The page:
Important that first silage cut not delayed

June 2nd, 2018 8:45 AM

By Southern Star Team

On a sunny May day, Hurley's contractors of West Cork collect grass which has been cut for silage using a John Deere 7500 Harvester and New Holland Tractors. (Photo: Andy Gibson)

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Recent weeks have seen much improved grass growth and ground conditions for most of the country.

RECENT weeks have seen much improved grass growth and ground conditions for most of the country. Many farms have taken the opportunity to begin harvesting first cut silage. Current weather forecasts are for relatively settled conditions for the week ahead. This should allow more silage area to be harvested in the coming days.

The Teagasc Fodder Working Group is monitoring conditions across various sites nationally. Dr Joe Patton, Teagasc specialist said: ‘It’s important that the first cut is not delayed and that the majority of farmers plan for a second cut in the 2018 silage season. Every effort should be made to rebuild fodder stocks during the coming months to ensure adequate stocks for the 2018 winter/2019 spring.’ 

He noted the following trends:

•  Grass growth –  PastureBase data is reporting average daily growth rates of 70 to 80kg Dry Matter per hectare. Differences within county are greater than between counties reflecting individual farm management decisions. Overall, many farms are producing grass surpluses on grazing areas; these will likely need to be removed as baled silage to maintain grass quality.

•   First cut yields – On areas closed for silage, dry matter yields have increased considerably. Well-managed swards in Munster and south Leinster were at 4,500 to 5,800kg DM per hectare on areas grazed in late March, and 5000 to 6,000kg DM on areas closed since autumn.

•   With these yields in place, quality targets should now dictate cutting date. Delaying first cut too long past grass heading date will cause a large drop in quality and reduce second cut yields significantly. The aim should be to take out main first cut areas by early June; areas grazed twice this spring can be cut around seven to 10 days later.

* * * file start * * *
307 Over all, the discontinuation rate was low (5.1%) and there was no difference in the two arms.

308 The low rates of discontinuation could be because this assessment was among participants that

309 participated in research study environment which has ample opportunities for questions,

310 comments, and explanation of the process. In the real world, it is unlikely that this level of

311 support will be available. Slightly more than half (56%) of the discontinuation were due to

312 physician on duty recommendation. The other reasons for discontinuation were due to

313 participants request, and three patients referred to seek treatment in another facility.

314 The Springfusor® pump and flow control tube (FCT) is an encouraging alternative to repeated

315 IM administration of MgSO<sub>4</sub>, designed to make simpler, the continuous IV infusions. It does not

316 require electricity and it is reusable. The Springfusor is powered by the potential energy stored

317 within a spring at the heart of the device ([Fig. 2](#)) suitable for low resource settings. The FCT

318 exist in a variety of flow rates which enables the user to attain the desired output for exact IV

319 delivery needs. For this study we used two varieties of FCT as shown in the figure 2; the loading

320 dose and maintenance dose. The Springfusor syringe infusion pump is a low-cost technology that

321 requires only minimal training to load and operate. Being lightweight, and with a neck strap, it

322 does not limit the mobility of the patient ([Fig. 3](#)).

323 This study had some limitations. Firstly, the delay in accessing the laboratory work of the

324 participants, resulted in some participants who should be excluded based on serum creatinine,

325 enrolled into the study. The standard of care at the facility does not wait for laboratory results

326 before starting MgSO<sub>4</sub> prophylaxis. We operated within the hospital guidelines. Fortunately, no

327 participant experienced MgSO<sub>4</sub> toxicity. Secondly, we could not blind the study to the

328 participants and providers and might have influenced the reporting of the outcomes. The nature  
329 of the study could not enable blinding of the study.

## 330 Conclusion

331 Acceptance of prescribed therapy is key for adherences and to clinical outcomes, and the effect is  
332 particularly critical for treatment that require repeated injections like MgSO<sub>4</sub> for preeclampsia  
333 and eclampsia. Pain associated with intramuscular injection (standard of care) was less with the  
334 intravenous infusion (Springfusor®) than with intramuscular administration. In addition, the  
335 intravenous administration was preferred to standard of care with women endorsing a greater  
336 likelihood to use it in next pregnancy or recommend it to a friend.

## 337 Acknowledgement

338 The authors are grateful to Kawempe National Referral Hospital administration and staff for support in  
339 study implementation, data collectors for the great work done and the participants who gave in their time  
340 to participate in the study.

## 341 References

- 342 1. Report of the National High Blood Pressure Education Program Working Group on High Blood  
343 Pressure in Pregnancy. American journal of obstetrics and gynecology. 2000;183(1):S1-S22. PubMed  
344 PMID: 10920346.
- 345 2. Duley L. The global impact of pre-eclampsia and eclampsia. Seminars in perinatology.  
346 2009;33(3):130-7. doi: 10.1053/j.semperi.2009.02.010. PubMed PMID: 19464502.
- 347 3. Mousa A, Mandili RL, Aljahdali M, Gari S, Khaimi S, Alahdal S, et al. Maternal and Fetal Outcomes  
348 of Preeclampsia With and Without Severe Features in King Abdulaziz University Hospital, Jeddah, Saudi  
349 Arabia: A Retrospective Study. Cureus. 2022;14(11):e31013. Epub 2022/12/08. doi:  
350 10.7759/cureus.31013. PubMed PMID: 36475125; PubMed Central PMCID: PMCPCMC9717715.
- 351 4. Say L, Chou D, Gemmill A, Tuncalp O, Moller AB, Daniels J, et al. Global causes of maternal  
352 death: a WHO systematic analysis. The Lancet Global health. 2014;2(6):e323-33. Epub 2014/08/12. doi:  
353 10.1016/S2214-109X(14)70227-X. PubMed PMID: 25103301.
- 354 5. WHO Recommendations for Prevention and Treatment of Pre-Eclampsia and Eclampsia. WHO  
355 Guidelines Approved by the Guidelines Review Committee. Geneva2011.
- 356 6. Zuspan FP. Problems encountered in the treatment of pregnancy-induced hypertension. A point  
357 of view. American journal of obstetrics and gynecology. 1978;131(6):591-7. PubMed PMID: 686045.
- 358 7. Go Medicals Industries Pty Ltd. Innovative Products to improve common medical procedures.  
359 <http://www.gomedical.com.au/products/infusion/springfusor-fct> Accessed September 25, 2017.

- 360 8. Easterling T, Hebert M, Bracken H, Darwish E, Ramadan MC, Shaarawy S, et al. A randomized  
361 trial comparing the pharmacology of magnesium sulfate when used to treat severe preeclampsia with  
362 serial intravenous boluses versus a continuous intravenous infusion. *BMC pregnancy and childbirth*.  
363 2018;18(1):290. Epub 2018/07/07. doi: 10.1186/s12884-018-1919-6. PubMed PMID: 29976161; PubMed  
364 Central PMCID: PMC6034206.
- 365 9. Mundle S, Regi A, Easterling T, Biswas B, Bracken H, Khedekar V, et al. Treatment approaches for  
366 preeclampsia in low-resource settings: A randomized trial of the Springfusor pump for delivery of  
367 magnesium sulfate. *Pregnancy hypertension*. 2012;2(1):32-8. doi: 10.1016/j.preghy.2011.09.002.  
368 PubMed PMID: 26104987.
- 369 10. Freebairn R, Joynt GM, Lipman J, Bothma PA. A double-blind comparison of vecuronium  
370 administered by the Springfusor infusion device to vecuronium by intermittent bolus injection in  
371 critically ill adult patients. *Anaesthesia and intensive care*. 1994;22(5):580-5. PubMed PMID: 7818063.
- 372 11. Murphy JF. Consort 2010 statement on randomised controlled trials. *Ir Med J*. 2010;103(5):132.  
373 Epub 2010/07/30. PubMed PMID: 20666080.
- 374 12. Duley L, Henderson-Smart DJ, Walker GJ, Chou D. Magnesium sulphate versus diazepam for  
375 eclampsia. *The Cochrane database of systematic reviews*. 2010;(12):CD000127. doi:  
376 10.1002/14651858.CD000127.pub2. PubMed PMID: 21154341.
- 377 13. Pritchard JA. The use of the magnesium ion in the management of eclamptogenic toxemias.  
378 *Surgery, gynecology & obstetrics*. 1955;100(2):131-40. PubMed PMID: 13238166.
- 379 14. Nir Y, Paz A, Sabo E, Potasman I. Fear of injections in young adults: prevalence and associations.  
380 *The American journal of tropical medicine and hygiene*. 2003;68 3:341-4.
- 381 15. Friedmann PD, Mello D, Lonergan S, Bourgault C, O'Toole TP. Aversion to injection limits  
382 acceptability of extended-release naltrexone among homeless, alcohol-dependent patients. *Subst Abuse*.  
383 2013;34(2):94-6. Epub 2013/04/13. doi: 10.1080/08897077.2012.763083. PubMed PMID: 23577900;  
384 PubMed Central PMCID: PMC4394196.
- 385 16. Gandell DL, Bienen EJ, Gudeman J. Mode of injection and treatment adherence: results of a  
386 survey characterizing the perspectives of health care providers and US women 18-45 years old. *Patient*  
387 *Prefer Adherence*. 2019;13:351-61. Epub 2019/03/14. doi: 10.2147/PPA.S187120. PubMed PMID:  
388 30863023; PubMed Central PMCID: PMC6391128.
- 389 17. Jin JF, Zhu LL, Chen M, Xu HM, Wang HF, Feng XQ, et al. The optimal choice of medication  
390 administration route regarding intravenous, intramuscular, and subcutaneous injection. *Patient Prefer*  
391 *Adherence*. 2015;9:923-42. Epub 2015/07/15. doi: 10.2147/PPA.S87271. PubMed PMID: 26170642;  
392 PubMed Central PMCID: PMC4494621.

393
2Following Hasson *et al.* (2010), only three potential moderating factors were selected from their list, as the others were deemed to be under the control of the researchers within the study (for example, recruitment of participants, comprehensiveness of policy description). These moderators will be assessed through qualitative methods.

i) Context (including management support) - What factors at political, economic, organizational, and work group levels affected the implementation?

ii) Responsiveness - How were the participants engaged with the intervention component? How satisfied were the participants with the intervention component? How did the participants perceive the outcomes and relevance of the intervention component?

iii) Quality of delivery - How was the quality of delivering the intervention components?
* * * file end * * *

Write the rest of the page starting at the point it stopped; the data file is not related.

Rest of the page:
•  Grass sugars are the main consideration for crop preservation. Indications from various sites around the country are for sugars ranging 1.5 to 3.5%.  The target for good preservation is at least 2.5% (3% if wilting is not possible). Older swards with less ryegrass are showing lower sugars. Current conditions are favourable for increased sugars. If in doubt, local Teagasc offices will test grass sugars and nitrates to establish best options for cutting.   

•  Grass nitrates can affect preservation by increasing buffering capacity. However there is good evidence that sugar levels are actually the more important consideration. A grass crop will on average use up two units of N per day for first cut, and more during good growing conditions. Nonetheless, this is only a general rule and should not unduly delay cutting date. Local Teagasc offices will test for nitrates in addition to sward sugars.

•  Wilting is very beneficial to silage preservation where sugars are marginal and/or nitrates remain elevated. The aim should be to increase crop Dry Matter to 27-30%. This is best achieved by tedding out rows and wilting for 24 hours in good conditions. Data from Teagasc Grange shows that grass left in larger rows (3m+) will not dry sufficiently to be effective. Where surplus bales are made from shorter leafy grass, wilting to 30% plus will result in better preservation and bales that hold their shape over longer storage periods. There will also be a reduction in baling costs.

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